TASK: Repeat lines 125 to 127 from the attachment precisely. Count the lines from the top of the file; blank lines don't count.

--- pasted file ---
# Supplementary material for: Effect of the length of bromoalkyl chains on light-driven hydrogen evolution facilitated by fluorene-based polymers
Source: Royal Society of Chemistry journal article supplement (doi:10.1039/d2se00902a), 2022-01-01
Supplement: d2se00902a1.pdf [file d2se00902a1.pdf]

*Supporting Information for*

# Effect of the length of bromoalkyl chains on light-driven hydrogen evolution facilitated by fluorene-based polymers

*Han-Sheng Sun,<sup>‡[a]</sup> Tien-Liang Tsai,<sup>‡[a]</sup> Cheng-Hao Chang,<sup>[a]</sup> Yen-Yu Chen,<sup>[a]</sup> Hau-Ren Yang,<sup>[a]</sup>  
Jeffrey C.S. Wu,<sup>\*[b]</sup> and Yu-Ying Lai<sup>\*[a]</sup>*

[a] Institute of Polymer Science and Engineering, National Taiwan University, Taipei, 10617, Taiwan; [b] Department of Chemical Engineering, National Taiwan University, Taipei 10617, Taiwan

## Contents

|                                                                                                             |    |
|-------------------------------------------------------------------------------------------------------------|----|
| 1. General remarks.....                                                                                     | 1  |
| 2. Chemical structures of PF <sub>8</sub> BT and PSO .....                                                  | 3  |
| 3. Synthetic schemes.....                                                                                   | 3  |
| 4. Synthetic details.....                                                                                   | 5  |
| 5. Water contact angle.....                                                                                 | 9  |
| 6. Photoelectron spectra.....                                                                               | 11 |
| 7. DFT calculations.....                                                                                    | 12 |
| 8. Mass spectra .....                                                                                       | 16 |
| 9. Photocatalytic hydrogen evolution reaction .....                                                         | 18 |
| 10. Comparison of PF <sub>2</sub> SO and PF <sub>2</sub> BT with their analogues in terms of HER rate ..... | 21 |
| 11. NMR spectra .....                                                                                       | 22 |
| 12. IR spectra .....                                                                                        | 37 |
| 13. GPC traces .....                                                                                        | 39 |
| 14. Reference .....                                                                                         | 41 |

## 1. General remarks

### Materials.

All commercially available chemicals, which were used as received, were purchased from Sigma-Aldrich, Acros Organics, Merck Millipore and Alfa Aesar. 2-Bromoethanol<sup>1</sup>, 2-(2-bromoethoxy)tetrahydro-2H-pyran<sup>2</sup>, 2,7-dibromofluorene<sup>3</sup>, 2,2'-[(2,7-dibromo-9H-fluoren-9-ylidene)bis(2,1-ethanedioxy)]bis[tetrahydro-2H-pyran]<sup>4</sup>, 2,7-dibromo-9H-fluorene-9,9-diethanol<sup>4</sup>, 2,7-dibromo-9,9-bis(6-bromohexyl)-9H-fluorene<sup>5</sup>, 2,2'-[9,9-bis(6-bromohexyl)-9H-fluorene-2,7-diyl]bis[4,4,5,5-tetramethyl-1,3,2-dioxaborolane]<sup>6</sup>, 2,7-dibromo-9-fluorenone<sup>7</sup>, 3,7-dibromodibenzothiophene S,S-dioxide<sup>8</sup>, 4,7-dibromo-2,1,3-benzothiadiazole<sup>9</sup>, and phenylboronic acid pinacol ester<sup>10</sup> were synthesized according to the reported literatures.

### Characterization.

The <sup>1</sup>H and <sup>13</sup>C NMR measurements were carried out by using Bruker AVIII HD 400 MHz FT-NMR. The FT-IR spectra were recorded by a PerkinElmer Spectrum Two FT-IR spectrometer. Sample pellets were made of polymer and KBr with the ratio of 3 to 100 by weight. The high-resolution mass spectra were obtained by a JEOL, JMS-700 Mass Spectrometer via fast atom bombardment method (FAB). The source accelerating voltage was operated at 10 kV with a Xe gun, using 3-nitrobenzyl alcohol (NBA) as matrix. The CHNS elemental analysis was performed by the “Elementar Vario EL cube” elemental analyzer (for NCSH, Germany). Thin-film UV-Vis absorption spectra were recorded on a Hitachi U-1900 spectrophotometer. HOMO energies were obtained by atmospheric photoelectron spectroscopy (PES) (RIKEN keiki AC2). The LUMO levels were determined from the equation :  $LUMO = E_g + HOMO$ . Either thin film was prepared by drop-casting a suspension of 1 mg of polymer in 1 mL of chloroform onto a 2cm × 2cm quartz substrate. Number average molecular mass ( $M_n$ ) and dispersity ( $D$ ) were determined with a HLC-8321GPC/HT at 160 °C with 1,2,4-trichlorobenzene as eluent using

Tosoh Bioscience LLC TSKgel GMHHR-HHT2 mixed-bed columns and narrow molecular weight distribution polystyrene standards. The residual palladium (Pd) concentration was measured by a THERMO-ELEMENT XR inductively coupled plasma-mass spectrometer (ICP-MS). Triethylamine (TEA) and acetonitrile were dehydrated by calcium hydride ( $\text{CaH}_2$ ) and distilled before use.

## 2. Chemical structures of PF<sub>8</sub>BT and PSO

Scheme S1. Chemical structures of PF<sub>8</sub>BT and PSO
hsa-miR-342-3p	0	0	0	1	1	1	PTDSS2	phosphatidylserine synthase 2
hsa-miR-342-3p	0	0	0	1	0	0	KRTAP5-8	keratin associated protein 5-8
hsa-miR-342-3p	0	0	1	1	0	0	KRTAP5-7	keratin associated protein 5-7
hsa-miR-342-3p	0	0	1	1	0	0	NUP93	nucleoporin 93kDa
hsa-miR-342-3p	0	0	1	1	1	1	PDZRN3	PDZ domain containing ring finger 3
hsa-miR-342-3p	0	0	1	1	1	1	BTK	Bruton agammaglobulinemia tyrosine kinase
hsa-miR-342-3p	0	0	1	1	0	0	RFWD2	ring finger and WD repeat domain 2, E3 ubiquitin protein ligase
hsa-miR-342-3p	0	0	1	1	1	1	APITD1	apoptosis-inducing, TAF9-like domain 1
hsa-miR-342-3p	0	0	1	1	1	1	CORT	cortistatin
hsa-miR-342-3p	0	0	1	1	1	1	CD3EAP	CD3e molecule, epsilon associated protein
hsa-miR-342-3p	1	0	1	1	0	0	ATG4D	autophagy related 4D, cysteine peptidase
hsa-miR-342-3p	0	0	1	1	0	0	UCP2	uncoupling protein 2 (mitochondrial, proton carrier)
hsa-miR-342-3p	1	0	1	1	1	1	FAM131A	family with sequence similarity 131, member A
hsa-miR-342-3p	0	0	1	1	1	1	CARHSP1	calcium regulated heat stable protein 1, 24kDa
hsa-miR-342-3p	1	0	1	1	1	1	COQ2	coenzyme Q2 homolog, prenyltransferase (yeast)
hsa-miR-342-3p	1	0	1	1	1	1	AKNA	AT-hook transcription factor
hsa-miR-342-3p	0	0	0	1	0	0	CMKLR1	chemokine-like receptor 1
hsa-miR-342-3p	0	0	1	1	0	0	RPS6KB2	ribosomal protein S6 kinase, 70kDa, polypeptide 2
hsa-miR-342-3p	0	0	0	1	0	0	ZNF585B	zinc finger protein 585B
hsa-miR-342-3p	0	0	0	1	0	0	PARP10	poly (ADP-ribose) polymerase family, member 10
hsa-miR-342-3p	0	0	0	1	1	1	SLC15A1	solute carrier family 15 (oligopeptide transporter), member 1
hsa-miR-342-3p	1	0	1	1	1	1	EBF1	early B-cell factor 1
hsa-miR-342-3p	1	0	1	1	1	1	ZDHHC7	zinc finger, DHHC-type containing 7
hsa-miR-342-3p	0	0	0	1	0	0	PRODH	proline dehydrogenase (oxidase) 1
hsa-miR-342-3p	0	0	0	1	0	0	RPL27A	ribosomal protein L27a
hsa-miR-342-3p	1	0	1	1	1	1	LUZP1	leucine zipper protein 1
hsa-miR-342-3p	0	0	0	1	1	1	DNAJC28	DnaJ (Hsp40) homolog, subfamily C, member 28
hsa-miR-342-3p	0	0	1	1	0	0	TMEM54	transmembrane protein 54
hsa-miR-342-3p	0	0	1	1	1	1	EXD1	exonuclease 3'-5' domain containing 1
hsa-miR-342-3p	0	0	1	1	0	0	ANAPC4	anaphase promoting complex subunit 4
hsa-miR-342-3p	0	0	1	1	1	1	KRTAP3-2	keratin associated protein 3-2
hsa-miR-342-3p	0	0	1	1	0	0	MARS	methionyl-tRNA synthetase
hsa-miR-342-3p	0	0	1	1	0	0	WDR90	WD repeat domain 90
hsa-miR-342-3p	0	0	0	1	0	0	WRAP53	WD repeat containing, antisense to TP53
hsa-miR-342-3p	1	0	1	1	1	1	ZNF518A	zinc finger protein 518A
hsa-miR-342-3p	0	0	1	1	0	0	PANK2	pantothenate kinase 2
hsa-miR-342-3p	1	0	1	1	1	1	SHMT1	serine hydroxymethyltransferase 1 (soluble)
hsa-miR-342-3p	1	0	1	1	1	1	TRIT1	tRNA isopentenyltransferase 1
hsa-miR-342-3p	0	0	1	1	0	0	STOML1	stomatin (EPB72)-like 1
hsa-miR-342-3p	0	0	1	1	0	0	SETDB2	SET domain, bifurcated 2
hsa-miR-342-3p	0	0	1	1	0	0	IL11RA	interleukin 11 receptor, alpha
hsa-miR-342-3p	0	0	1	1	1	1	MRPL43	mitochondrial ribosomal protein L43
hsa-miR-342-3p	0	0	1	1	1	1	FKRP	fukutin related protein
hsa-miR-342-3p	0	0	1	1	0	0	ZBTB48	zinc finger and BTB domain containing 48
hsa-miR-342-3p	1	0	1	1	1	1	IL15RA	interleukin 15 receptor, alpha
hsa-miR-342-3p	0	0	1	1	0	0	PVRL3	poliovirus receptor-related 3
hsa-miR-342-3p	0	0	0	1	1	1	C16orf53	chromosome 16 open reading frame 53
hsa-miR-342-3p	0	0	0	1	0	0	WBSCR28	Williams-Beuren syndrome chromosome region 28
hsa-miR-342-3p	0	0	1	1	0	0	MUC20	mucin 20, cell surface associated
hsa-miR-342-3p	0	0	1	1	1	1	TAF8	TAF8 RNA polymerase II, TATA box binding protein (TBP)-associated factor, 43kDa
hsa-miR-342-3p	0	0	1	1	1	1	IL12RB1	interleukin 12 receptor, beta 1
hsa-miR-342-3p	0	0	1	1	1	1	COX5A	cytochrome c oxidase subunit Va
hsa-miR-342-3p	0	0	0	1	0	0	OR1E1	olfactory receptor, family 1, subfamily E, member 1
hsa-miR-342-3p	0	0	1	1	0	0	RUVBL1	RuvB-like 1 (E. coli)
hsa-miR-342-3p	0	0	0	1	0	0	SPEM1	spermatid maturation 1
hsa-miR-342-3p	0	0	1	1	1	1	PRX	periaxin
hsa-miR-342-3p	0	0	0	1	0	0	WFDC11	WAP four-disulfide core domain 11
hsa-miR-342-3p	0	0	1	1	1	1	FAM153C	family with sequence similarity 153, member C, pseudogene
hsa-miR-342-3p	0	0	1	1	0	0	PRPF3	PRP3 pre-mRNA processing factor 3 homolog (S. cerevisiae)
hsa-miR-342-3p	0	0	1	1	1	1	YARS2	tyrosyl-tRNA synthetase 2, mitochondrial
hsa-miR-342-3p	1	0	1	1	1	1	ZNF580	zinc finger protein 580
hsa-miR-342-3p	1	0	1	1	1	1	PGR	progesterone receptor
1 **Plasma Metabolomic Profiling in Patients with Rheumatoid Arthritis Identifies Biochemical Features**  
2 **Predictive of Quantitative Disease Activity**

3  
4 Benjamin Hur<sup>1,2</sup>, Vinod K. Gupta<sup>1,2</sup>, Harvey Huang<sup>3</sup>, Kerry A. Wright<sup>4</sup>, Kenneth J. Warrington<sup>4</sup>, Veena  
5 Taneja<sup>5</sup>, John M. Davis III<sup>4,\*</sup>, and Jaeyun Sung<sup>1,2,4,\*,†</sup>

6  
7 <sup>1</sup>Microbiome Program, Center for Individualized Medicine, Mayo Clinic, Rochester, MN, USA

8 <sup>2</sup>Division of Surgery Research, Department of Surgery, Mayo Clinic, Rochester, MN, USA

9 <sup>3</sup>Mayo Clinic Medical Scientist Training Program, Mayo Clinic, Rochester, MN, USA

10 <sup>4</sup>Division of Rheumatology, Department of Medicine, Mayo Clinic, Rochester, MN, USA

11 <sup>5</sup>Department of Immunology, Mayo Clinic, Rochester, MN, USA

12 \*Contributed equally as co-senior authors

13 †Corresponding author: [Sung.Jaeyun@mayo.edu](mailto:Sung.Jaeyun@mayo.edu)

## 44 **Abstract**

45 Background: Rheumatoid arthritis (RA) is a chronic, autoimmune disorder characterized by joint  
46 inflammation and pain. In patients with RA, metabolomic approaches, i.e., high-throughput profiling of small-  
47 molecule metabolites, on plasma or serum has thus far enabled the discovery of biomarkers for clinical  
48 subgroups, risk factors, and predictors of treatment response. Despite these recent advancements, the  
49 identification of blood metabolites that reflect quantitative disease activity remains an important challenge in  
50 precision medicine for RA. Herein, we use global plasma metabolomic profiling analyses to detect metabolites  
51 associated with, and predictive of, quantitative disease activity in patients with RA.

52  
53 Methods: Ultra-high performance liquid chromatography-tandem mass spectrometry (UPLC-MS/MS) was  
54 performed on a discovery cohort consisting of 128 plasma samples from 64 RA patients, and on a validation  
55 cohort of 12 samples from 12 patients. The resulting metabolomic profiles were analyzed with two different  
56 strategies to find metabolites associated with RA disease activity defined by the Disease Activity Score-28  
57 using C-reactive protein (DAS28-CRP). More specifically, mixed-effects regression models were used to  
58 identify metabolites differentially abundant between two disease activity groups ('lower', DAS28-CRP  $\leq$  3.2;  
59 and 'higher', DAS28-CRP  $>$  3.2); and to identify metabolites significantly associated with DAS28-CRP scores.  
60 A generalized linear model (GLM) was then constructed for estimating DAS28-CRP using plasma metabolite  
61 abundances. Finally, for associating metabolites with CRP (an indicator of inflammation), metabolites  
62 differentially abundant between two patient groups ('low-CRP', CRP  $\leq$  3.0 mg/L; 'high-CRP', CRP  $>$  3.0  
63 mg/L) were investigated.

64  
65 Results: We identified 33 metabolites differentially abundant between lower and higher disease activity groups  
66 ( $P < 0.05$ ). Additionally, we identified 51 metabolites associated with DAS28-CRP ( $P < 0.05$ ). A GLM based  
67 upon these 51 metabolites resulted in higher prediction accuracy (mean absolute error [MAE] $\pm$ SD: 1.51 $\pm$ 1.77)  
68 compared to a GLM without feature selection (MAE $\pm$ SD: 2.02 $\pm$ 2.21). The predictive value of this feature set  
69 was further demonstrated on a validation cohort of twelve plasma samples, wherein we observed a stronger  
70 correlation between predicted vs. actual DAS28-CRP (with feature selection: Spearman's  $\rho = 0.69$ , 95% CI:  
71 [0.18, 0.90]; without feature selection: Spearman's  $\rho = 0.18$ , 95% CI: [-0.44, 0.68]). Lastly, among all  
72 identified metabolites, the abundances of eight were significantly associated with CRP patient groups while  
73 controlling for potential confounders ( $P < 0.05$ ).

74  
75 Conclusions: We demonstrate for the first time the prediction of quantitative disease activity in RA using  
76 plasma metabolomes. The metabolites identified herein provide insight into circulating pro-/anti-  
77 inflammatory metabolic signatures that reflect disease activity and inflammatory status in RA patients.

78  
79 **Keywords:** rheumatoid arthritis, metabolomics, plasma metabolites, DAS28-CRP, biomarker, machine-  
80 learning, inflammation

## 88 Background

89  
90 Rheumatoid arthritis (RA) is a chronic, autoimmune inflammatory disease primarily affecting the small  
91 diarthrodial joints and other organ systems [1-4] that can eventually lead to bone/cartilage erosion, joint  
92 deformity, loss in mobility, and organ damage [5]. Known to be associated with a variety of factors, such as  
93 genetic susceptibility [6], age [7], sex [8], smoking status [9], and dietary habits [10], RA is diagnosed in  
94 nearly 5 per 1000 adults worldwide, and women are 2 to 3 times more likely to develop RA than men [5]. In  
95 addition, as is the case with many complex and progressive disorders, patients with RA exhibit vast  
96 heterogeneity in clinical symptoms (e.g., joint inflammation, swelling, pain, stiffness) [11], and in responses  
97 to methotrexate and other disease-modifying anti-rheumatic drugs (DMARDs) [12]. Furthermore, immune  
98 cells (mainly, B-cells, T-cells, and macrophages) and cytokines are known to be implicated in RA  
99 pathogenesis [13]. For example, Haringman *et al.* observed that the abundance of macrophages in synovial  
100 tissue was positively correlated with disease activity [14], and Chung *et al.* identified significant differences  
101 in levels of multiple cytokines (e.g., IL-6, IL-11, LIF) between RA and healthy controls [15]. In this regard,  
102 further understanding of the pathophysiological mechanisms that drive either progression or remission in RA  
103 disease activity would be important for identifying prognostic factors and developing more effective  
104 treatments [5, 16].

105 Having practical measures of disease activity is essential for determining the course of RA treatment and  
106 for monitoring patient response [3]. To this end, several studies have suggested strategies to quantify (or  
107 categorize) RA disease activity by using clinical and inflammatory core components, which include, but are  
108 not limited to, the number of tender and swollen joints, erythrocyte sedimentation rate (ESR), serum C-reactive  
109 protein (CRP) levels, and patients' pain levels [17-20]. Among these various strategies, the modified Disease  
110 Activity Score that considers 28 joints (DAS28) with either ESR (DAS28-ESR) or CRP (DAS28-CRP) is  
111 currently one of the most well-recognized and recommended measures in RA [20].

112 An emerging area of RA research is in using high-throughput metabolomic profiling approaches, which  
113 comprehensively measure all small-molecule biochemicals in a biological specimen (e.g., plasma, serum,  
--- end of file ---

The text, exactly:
60 A generalized linear model (GLM) was then constructed for estimating DAS28-CRP using plasma metabolite  
61 abundances. Finally, for associating metabolites with CRP (an indicator of inflammation), metabolites  
62 differentially abundant between two patient groups ('low-CRP', CRP  $\leq$  3.0 mg/L; 'high-CRP', CRP  $>$  3.0  